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Our blog provides illustrated practical guides for those going through the divorce process, plus news on divorce, money and family breakdown.

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6 September 2011

Six judges, six answers

Mahie Abey
Whenever a client comes to me one of the most important things I have to tell them is about our discretionary system for making a financial award in a divorce. What this means is that Judges have a great deal of flexibility in deciding the outcome, which will depend on the circumstances. There is no single right answer but a range of possible outcomes, with numerous factors taken into account and which may carry different weight.

As a result, if the couple went to six different Judges they would get six different answers. Hopefully the good Judges will give an answer in the middle of the range, the less good at the edges of the range and the downright poor ones (of which there are some) outside the range entirely. Only experience can tell where the range lies.

I explain that everything they have, their ex-partner has or they have jointly is put into one pot. It does not matter who owns it. How that pot is divided will depend on a number of factors including where the assets come from.

I show them Section 25 of the Matrimonial Causes Act 1973 and ask them to read it (you can read the section online at legislation.gov.uk). I explain that divorce lawyers are lucky because there is only one section of that statute that deals with how money on divorce is divided, though what the words mean can only be understood properly by looking at the cases that have been decided since the law came into force. (This is because particular cases have interpreted the meaning of this section of law, and Judges take account of these interpretations too – “case law”.)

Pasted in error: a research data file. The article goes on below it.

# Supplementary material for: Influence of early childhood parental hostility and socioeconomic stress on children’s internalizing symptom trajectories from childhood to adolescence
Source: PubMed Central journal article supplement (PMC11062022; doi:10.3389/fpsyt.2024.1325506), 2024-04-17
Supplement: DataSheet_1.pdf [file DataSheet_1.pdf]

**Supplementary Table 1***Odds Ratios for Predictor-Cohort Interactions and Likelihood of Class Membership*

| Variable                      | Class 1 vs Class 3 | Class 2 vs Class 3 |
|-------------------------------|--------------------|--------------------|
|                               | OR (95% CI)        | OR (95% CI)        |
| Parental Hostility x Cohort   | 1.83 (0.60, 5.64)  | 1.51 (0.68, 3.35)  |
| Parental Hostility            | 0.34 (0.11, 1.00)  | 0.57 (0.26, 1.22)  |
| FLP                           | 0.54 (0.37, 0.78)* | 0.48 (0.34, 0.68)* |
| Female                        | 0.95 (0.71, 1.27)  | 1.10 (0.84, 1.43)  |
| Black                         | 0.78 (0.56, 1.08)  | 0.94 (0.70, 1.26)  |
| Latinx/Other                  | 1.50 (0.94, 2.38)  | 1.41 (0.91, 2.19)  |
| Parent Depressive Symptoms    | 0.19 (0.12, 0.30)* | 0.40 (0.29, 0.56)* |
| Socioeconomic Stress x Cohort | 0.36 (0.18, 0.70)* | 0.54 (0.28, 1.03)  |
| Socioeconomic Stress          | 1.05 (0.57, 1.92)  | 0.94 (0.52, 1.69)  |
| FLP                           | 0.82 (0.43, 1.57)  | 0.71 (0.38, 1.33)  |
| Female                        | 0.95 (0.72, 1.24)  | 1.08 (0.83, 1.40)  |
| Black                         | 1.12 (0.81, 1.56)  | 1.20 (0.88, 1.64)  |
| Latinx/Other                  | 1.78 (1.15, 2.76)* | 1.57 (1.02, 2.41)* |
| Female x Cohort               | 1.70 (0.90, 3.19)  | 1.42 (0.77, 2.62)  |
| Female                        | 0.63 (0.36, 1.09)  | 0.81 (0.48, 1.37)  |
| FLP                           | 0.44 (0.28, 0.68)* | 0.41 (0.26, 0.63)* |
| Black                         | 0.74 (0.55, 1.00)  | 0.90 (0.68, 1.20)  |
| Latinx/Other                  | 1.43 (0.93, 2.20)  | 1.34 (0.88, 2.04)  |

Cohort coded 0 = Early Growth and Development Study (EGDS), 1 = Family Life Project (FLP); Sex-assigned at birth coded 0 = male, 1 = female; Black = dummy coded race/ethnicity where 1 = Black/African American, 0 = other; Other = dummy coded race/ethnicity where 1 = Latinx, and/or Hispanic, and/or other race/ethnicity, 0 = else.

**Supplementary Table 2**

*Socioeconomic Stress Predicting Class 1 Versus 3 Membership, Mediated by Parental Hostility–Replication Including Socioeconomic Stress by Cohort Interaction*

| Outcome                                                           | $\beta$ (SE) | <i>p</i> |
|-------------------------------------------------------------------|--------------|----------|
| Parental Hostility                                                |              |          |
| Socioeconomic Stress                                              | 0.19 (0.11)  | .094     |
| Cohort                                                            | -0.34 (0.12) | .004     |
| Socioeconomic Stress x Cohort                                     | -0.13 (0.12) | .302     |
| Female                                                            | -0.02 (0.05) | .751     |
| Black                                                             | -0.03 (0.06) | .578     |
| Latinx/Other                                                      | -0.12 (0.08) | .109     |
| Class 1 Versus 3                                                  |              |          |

I then explain that the Court looks at all the circumstances. However not all the factors set out in Section 25 are equally important or as a judge would say, “carry equal weight”. The first consideration is the needs of any children of the family who are minors. The children's needs could include, among other things, somewhere to live, access to settled suitable schooling and income to feed and clothe them.

The Court then looks at the needs of the parties. Most cases do not get beyond this stage as there will not be enough money to justify thinking about any other considerations. However I then explain that if there is something left after needs have been satisfied, the Court will look at all the other factors.

In long marriage cases (no definition is provided although 15 years is a long marriage but 10 years not so and in between a grey area) the Court’s starting point is equality of division of capital although that too will be trumped by the needs of the couple.